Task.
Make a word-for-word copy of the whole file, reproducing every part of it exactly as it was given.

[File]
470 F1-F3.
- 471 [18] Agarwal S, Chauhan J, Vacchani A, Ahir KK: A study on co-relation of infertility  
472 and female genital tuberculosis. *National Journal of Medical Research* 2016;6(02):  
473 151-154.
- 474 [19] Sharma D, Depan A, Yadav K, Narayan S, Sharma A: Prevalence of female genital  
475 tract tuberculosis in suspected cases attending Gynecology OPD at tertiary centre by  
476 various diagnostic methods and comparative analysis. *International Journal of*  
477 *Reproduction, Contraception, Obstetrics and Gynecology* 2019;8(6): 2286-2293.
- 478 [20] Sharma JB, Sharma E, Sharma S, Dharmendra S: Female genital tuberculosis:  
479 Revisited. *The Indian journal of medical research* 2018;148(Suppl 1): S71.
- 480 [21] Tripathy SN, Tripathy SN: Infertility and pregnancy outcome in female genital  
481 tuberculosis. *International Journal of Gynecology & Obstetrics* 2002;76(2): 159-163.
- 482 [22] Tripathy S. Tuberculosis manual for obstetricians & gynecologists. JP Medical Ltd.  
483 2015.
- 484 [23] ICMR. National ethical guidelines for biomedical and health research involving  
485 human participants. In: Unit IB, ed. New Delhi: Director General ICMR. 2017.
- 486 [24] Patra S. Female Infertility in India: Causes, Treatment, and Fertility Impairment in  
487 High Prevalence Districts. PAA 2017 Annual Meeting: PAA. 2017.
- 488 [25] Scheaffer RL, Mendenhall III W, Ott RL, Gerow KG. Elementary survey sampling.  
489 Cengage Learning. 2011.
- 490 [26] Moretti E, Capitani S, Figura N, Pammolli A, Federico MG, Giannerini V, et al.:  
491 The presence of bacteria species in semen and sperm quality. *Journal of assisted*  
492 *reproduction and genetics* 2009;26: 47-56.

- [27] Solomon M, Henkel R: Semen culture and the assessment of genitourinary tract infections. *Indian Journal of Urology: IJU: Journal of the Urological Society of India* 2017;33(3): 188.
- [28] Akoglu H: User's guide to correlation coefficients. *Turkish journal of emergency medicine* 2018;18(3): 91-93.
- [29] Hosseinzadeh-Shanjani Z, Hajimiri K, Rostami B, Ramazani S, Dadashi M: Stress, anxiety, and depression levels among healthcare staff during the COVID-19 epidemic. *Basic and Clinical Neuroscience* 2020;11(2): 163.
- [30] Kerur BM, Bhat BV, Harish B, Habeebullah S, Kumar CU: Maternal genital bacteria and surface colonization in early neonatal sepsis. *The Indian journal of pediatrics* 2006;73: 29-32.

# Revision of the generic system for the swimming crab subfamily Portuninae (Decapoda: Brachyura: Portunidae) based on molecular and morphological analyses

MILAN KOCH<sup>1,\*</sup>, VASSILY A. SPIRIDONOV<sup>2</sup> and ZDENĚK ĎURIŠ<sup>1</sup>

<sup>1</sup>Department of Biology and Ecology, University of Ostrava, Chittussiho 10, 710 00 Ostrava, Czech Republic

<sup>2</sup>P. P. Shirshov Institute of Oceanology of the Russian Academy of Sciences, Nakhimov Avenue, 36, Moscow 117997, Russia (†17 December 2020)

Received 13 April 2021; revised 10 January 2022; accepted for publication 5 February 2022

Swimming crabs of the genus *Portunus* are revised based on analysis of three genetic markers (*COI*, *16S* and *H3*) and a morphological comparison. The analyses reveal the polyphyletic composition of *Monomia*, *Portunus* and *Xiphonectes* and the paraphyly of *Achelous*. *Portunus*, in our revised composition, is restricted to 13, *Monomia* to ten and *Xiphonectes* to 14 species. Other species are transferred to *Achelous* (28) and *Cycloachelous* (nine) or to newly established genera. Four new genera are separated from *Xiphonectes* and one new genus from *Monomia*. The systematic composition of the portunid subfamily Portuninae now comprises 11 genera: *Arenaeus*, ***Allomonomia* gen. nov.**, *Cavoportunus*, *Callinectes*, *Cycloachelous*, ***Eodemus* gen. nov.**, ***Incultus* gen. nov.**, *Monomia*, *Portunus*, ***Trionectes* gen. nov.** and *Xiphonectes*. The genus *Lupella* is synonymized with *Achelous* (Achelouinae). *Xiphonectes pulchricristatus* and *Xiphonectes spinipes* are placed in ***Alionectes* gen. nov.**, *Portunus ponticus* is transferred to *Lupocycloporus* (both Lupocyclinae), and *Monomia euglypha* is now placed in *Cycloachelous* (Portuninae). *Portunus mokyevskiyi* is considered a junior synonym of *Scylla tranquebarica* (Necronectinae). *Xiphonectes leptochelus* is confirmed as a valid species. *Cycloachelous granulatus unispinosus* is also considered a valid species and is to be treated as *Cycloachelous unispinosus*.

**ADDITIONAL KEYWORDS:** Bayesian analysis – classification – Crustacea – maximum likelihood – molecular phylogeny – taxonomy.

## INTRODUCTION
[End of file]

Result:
470 F1-F3.
- 471 [18] Agarwal S, Chauhan J, Vacchani A, Ahir KK: A study on co-relation of infertility  
472 and female genital tuberculosis. *National Journal of Medical Research* 2016;6(02):  
473 151-154.
- 474 [19] Sharma D, Depan A, Yadav K, Narayan S, Sharma A: Prevalence of female genital  
475 tract tuberculosis in suspected cases attending Gynecology OPD at tertiary centre by  
476 various diagnostic methods and comparative analysis. *International Journal of*  
477 *Reproduction, Contraception, Obstetrics and Gynecology* 2019;8(6): 2286-2293.
- 478 [20] Sharma JB, Sharma E, Sharma S, Dharmendra S: Female genital tuberculosis:  
479 Revisited. *The Indian journal of medical research* 2018;148(Suppl 1): S71.
- 480 [21] Tripathy SN, Tripathy SN: Infertility and pregnancy outcome in female genital  
481 tuberculosis. *International Journal of Gynecology & Obstetrics* 2002;76(2): 159-163.
- 482 [22] Tripathy S. Tuberculosis manual for obstetricians & gynecologists. JP Medical Ltd.  
483 2015.
- 484 [23] ICMR. National ethical guidelines for biomedical and health research involving  
485 human participants. In: Unit IB, ed. New Delhi: Director General ICMR. 2017.
- 486 [24] Patra S. Female Infertility in India: Causes, Treatment, and Fertility Impairment in  
487 High Prevalence Districts. PAA 2017 Annual Meeting: PAA. 2017.
- 488 [25] Scheaffer RL, Mendenhall III W, Ott RL, Gerow KG. Elementary survey sampling.  
489 Cengage Learning. 2011.
- 490 [26] Moretti E, Capitani S, Figura N, Pammolli A, Federico MG, Giannerini V, et al.:  
491 The presence of bacteria species in semen and sperm quality. *Journal of assisted*  
492 *reproduction and genetics* 2009;26: 47-56.

- [27] Solomon M, Henkel R: Semen culture and the assessment of genitourinary tract infections. *Indian Journal of Urology: IJU: Journal of the Urological Society of India* 2017;33(3): 188.
- [28] Akoglu H: User's guide to correlation coefficients. *Turkish journal of emergency medicine* 2018;18(3): 91-93.
- [29] Hosseinzadeh-Shanjani Z, Hajimiri K, Rostami B, Ramazani S, Dadashi M: Stress, anxiety, and depression levels among healthcare staff during the COVID-19 epidemic. *Basic and Clinical Neuroscience* 2020;11(2): 163.
- [30] Kerur BM, Bhat BV, Harish B, Habeebullah S, Kumar CU: Maternal genital bacteria and surface colonization in early neonatal sepsis. *The Indian journal of pediatrics* 2006;73: 29-32.

# Revision of the generic system for the swimming crab subfamily Portuninae (Decapoda: Brachyura: Portunidae) based on molecular and morphological analyses

MILAN KOCH<sup>1,\*</sup>, VASSILY A. SPIRIDONOV<sup>2</sup> and ZDENĚK ĎURIŠ<sup>1</sup>

<sup>1</sup>Department of Biology and Ecology, University of Ostrava, Chittussiho 10, 710 00 Ostrava, Czech Republic

<sup>2</sup>P. P. Shirshov Institute of Oceanology of the Russian Academy of Sciences, Nakhimov Avenue, 36, Moscow 117997, Russia (†17 December 2020)

Received 13 April 2021; revised 10 January 2022; accepted for publication 5 February 2022

Swimming crabs of the genus *Portunus* are revised based on analysis of three genetic markers (*COI*, *16S* and *H3*) and a morphological comparison. The analyses reveal the polyphyletic composition of *Monomia*, *Portunus* and *Xiphonectes* and the paraphyly of *Achelous*. *Portunus*, in our revised composition, is restricted to 13, *Monomia* to ten and *Xiphonectes* to 14 species. Other species are transferred to *Achelous* (28) and *Cycloachelous* (nine) or to newly established genera. Four new genera are separated from *Xiphonectes* and one new genus from *Monomia*. The systematic composition of the portunid subfamily Portuninae now comprises 11 genera: *Arenaeus*, ***Allomonomia* gen. nov.**, *Cavoportunus*, *Callinectes*, *Cycloachelous*, ***Eodemus* gen. nov.**, ***Incultus* gen. nov.**, *Monomia*, *Portunus*, ***Trionectes* gen. nov.** and *Xiphonectes*. The genus *Lupella* is synonymized with *Achelous* (Achelouinae). *Xiphonectes pulchricristatus* and *Xiphonectes spinipes* are placed in ***Alionectes* gen. nov.**, *Portunus ponticus* is transferred to *Lupocycloporus* (both Lupocyclinae), and *Monomia euglypha* is now placed in *Cycloachelous* (Portuninae). *Portunus mokyevskiyi* is considered a junior synonym of *Scylla tranquebarica* (Necronectinae). *Xiphonectes leptochelus* is confirmed as a valid species. *Cycloachelous granulatus unispinosus* is also considered a valid species and is to be treated as *Cycloachelous unispinosus*.

**ADDITIONAL KEYWORDS:** Bayesian analysis – classification – Crustacea – maximum likelihood – molecular phylogeny – taxonomy.

## INTRODUCTION